During her tenure at the Atheneum, Mitchell hosted the institution’s regular public lectures by itinerant speakers. Among them was a young man who had escaped slavery three years earlier.

Frederick Douglass

One August day in 1841, a nervous twenty-three-year-old Frederick Douglass — the same age as Mitchell — took the podium at the Atheneum to deliver his very first public address before the mixed-race audience of five hundred gathered at the island’s temple of learning for the first Nantucket Anti-Slavery Convention. “It was with the utmost difficulty,” Douglass would later recount, “that I could stand erect, or that I could command and articulate two words without hesitation and stammering. I trembled in every limb.” He proceeded to deliver a speech so electrifying that at its conclusion, the abolitionist William Lloyd Garrison, who was waiting to take the platform next, leapt to his feet, turned to the audience, and exclaimed: “Have we been listening to a thing, a piece of property, or a man?” The chamber of the Great Hall bellowed with a resounding “A man! A man!” The man was hired on the spot as full-time lecturer for Garrison’s American Anti-Slavery Society.

Four years later, by then one of the country’s most prominent public speakers, Douglass would write in his autobiography:

I prefer to be true to myself, even at the hazard of incurring the ridicule of others, rather than to be false, and incur my own abhorrence. From my earliest recollection, I date the entertainment of a deep conviction that slavery would not always be able to hold me within its foul embrace.

Maria Mitchell echoed this sentiment in her own diary as she was doing for women what Douglass was doing for African Americans:

The best that can be said of my life so far is that it has been industrious, and the best that can be said of me is that I have not pretended to what I was not.

Mitchell and Douglass cherished their friendship for the remainder of their parallel pioneering lives — both world-famous before they were thirty, both liberators of possibility in their present, both role models of courage and tenacity for generations to come. The year Mitchell made her historic discovery of the world’s first telescopic comet, Douglass — who in that trembling dawn of his career had calmed his nerves by taking in the cosmic perspective through her telescope — began publishing his abolitionist newspaper; he titled it The North Star in homage to the key role astronomy played in the Underground Railroad — traveling at night, slaves were told to keep the river on one side and follow the Drinking Gourd, an African name for the Big Dipper, for if they kept after the pole star, they would keep themselves moving north. In the final year of hers, the ailing Mitchell — whose childhood home had been a stop on the Underground Railroad — exerted herself to travel many miles via ferry, coach, and train for a reception given in her cherished friend’s honor.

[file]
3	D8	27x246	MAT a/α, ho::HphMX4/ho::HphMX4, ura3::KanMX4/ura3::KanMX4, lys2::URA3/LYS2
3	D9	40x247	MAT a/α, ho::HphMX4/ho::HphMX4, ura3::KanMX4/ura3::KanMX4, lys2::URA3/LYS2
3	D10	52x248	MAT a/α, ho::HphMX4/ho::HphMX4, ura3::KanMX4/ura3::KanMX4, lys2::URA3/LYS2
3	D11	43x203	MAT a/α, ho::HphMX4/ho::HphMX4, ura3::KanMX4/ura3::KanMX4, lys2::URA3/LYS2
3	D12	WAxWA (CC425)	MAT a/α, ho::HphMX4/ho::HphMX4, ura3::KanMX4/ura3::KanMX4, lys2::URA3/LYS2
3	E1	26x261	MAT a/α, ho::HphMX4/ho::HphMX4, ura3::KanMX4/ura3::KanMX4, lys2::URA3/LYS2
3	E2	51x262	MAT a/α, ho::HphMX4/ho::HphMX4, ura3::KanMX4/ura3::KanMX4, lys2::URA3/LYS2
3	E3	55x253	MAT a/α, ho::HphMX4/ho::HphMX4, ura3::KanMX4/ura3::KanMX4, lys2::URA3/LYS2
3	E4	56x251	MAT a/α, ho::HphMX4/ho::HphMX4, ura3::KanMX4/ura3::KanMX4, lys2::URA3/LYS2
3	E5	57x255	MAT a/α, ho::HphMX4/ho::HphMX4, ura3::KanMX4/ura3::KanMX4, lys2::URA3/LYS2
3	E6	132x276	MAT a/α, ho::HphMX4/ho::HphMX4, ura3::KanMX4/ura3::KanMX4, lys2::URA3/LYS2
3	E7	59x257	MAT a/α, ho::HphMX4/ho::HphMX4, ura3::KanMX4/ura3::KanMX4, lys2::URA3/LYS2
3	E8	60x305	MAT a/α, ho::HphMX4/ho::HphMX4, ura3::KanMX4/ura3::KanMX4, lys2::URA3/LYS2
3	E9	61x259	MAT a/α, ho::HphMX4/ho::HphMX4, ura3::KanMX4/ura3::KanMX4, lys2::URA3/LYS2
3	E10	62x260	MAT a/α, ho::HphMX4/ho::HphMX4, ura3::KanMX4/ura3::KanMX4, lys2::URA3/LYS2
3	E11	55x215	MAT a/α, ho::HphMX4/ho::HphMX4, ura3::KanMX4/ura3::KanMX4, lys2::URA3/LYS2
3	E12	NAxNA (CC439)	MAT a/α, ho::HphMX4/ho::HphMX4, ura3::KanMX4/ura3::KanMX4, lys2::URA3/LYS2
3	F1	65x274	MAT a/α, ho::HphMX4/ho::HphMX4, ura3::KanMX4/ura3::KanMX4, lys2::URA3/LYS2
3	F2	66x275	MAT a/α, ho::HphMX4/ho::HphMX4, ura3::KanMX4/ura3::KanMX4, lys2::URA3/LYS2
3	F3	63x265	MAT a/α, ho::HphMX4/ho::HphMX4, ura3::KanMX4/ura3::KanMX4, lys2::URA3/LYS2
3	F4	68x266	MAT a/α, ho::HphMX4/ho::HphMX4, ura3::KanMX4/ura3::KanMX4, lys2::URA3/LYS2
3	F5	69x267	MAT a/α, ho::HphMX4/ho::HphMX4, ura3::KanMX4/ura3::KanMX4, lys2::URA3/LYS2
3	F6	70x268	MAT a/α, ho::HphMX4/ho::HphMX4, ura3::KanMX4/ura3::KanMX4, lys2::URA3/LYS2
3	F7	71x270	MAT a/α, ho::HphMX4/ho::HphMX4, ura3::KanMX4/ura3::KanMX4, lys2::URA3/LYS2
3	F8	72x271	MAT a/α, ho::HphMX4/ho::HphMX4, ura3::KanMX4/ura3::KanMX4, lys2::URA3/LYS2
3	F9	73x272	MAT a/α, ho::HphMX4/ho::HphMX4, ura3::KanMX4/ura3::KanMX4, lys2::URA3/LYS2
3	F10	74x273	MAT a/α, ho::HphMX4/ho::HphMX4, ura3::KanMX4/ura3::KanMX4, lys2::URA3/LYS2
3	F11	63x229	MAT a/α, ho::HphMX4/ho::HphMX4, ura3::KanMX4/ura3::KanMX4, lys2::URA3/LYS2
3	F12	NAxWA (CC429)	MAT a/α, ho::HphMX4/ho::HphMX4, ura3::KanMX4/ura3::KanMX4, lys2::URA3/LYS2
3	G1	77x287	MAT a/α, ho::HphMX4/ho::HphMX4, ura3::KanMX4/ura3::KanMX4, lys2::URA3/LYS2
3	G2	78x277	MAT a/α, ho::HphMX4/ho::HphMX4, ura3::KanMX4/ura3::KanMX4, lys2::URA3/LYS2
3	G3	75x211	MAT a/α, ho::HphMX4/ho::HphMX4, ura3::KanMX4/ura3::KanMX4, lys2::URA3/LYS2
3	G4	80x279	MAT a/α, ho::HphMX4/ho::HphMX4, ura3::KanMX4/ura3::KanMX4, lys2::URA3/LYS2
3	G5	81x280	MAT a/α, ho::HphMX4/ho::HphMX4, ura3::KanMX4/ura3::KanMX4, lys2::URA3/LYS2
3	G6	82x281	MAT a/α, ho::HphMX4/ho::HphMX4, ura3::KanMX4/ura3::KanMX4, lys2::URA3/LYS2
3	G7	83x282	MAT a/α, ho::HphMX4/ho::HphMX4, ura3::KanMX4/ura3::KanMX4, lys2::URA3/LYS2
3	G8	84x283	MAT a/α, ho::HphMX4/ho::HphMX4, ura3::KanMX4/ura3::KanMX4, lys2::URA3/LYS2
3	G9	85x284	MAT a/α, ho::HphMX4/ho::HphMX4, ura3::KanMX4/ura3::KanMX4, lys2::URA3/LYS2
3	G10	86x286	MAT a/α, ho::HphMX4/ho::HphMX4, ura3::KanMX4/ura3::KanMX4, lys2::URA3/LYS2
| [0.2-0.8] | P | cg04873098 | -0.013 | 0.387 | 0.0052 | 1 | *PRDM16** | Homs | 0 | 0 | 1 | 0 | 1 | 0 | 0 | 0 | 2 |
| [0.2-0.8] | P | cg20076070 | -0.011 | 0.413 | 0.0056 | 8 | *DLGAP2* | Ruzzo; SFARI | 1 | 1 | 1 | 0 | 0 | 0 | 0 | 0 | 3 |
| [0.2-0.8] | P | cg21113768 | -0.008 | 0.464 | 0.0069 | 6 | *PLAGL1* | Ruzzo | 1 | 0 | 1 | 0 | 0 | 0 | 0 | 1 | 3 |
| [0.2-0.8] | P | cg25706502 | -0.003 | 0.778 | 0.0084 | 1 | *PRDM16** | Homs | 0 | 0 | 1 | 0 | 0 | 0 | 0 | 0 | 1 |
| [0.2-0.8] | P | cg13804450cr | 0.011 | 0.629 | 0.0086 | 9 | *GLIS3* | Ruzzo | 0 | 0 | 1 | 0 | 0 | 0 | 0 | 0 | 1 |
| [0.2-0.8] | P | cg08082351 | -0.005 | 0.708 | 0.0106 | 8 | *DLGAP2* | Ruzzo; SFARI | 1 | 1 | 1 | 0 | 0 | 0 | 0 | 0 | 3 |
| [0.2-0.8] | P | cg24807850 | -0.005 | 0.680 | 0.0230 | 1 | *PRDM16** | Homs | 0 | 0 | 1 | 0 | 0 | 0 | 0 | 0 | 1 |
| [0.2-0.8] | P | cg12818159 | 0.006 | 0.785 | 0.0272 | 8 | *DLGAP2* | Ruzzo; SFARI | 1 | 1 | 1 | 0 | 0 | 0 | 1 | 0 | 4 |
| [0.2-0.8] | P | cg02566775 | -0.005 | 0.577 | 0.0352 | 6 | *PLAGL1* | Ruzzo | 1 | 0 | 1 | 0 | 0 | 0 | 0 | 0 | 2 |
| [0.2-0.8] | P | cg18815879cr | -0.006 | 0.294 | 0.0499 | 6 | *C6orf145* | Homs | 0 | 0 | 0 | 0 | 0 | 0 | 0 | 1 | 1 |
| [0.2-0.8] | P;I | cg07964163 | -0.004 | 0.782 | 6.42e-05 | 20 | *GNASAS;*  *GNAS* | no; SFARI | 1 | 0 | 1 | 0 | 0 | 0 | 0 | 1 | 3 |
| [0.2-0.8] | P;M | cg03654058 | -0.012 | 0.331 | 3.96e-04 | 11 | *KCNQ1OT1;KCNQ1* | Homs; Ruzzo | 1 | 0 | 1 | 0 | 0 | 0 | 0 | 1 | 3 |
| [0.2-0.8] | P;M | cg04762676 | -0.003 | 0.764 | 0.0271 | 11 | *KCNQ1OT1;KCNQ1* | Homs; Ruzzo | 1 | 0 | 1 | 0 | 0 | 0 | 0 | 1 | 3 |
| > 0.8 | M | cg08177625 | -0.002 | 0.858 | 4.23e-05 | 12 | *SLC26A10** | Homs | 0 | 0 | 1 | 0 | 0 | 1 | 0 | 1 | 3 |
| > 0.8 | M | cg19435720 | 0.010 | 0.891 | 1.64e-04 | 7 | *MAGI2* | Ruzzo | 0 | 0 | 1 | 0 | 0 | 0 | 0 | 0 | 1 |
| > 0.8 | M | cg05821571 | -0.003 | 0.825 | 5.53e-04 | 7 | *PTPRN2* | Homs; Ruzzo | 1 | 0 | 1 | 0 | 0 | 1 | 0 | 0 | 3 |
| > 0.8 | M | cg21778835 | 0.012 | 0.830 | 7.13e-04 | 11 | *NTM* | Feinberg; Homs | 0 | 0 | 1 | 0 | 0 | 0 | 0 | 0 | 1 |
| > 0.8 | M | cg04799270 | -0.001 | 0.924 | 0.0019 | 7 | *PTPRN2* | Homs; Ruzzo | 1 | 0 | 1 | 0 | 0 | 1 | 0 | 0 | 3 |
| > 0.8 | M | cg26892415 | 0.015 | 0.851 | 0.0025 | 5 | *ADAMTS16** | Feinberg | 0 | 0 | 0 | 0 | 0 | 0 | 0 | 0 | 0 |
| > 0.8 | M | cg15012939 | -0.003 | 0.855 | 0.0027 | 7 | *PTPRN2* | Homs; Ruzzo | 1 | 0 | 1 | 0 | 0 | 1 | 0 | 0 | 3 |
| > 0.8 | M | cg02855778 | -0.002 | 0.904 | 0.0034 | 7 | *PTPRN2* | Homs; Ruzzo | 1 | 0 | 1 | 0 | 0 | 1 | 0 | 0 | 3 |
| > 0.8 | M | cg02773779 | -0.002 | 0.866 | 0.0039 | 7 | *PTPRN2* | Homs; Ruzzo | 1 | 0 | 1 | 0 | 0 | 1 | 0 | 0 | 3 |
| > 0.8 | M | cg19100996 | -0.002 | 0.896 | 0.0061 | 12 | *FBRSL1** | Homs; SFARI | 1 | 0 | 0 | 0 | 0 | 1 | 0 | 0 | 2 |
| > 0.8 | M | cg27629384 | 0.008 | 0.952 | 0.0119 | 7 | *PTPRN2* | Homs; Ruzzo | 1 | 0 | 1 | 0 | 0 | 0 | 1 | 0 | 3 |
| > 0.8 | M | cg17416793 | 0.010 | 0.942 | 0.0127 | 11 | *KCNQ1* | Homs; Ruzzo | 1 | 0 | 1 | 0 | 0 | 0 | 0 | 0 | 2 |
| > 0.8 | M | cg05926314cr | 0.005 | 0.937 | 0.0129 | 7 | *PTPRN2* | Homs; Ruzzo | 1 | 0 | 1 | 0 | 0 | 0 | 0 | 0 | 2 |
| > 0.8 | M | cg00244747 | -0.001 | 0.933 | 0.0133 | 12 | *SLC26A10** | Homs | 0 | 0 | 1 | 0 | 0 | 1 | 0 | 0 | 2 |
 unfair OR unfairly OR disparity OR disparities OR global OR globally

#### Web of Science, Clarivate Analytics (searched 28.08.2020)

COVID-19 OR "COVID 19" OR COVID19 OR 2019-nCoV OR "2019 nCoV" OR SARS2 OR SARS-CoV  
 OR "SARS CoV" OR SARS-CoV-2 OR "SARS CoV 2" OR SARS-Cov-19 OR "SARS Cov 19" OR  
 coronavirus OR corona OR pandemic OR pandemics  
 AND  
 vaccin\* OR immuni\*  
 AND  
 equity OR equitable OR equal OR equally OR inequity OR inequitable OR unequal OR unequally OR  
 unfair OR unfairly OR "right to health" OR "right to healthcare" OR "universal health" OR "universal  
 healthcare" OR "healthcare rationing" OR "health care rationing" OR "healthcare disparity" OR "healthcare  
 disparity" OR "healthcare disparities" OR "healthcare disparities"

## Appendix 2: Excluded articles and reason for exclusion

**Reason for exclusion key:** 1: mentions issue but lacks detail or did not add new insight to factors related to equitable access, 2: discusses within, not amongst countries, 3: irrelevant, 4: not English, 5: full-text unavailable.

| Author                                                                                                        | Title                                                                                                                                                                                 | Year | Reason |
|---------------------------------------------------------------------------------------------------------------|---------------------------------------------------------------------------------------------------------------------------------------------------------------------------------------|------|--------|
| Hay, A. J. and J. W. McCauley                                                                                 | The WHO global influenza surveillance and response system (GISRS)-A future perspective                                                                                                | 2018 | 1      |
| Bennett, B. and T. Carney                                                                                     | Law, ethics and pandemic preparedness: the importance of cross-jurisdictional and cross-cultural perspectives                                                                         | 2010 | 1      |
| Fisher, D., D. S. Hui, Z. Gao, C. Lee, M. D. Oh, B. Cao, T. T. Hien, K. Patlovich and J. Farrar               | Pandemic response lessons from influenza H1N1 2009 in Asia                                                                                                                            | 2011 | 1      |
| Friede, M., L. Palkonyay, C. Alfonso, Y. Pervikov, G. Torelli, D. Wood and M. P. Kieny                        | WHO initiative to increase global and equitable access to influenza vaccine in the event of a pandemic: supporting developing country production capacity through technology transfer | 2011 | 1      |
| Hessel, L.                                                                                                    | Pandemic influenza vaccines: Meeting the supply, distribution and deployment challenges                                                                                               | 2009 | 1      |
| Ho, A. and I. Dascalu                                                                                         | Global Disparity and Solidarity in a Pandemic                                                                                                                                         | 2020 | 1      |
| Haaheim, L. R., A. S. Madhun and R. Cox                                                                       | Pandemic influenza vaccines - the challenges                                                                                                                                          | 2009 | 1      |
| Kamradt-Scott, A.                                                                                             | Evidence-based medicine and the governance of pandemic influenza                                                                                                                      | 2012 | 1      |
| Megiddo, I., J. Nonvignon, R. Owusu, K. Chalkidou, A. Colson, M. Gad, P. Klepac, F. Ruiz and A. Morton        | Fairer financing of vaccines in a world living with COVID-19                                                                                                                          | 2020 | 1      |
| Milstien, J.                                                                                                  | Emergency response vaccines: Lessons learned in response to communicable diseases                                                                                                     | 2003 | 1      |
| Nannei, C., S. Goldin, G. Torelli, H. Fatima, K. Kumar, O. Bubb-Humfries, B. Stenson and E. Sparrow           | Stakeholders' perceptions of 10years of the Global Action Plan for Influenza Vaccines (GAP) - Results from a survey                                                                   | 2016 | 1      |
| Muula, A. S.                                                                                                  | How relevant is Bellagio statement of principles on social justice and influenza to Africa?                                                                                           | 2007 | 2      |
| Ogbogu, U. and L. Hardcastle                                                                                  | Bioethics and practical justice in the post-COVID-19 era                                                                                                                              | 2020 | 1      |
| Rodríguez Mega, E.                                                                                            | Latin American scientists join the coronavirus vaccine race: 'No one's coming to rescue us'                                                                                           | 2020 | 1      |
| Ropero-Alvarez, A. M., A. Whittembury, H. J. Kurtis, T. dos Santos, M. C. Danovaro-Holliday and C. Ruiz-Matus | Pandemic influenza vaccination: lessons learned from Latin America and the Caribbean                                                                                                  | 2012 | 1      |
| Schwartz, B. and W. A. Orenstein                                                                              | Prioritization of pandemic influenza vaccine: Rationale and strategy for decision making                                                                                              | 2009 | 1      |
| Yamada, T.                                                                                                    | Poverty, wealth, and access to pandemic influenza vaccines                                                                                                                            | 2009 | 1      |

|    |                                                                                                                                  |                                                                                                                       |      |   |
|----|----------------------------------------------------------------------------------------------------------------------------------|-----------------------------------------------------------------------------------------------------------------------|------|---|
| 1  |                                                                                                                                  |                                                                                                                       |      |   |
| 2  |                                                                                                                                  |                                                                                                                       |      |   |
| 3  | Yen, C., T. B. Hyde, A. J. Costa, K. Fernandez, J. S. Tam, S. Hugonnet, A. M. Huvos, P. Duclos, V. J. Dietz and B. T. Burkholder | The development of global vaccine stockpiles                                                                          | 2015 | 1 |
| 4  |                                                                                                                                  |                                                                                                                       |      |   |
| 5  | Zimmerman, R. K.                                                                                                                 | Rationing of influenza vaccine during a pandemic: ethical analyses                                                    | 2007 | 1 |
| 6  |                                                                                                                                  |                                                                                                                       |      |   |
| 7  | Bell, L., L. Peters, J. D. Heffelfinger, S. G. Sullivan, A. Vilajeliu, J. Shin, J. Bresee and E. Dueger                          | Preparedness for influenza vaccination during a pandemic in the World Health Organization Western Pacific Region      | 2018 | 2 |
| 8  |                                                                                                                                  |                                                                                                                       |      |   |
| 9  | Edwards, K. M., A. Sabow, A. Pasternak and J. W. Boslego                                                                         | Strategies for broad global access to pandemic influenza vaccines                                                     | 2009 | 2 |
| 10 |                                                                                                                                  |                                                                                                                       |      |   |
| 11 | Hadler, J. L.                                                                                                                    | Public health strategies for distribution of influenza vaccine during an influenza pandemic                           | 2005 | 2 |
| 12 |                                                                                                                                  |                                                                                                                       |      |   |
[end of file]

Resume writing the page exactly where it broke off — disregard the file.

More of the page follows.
Full recordings of the first three seasons of The Universe in Verse — a celebration of the meeting ground between science and the human spirit through the lens of poetry — are freely available to be enjoyed here.

BP

Spell to Be Said against Hatred: Amanda Palmer Reads Poet Jane Hirshfield’s Miniature Masterwork of Insistence, Persistence, and Compassionate Courage

“Until each breath refuses they, those, them…”

Spell to Be Said against Hatred: Amanda Palmer Reads Poet Jane Hirshfield’s Miniature Masterwork of Insistence, Persistence, and Compassionate Courage

“When we come to it,” Maya Angelou beckoned in her stunning cosmic vision for humanity, “when the curtain falls on the minstrel show of hate…” Then, she bent the mind in language to remind us, and only then will we have risen to our cosmic destiny — a destiny built on the discipline of never forgetting, never daring let ourselves forget, our shared cosmic belonging. “For every atom belonging to me as good belongs to you.    Remember?” But we do forget, and so the minstrel show of hate remains with us; the curtain falls, only to rise again, as if to affirm Zadie Smith’s poignant observation that “progress is never permanent, will always be threatened, must be redoubled, restated and reimagined if it is to survive.”

It is especially in times of uncertainty, in tremulous times of fear and loss, that the curtain rises and the minstrel show resumes — a show of hate that can be as vicious and pointed as the murderous violence human beings are capable of directing at one another, or as ambient and slow-seething as the deadly disregard for the universe of non-human lives with which we share this fragile, irreplaceable planet. “We don’t know where we belong,” Annie Dillard wrote in her gorgeous meditation on our search for meaning, “but in times of sorrow it doesn’t seem to be here, here with these silly pansies and witless mountains, here with sponges and hard-eyed birds. In times of sorrow the innocence of the other creatures — from whom and with whom we evolved — seems a mockery.”

How to end the mockery and the minstrel show is what poet Jane Hirshfield — one of the most unboastfully courageous voices of our time, an ordained Buddhist, a more-than-humanitarian: a planetarian — explores in “Spell to Be Said against Hatred,” a miniature masterwork of quiet, surefooted insistence and persistence. Included in the anthology Dear America: Letters of Hope, Habitat, Defiance, and Democracy (public library) alongside contributions by Jericho Brown, Ellen Bass, Naomi Shihab Nye, and Robin Wall Kimmerer, it is inhaled into life here by musician, activist, fellow more-than-humanitarian, and my darling friend Amanda Palmer.

SPELL TO BE SAID AGAINST HATRED
by Jane Hirshfield

Until each breath refuses they, those, them.
Until the Dramatis Personae of the book’s first page says, “Each one is you.”
Until hope bows to its hopelessness only as one self bows to another. Until cruelty bends to its work and sees suddenly: I.
Until anger and insult know themselves burnable legs of a useless table.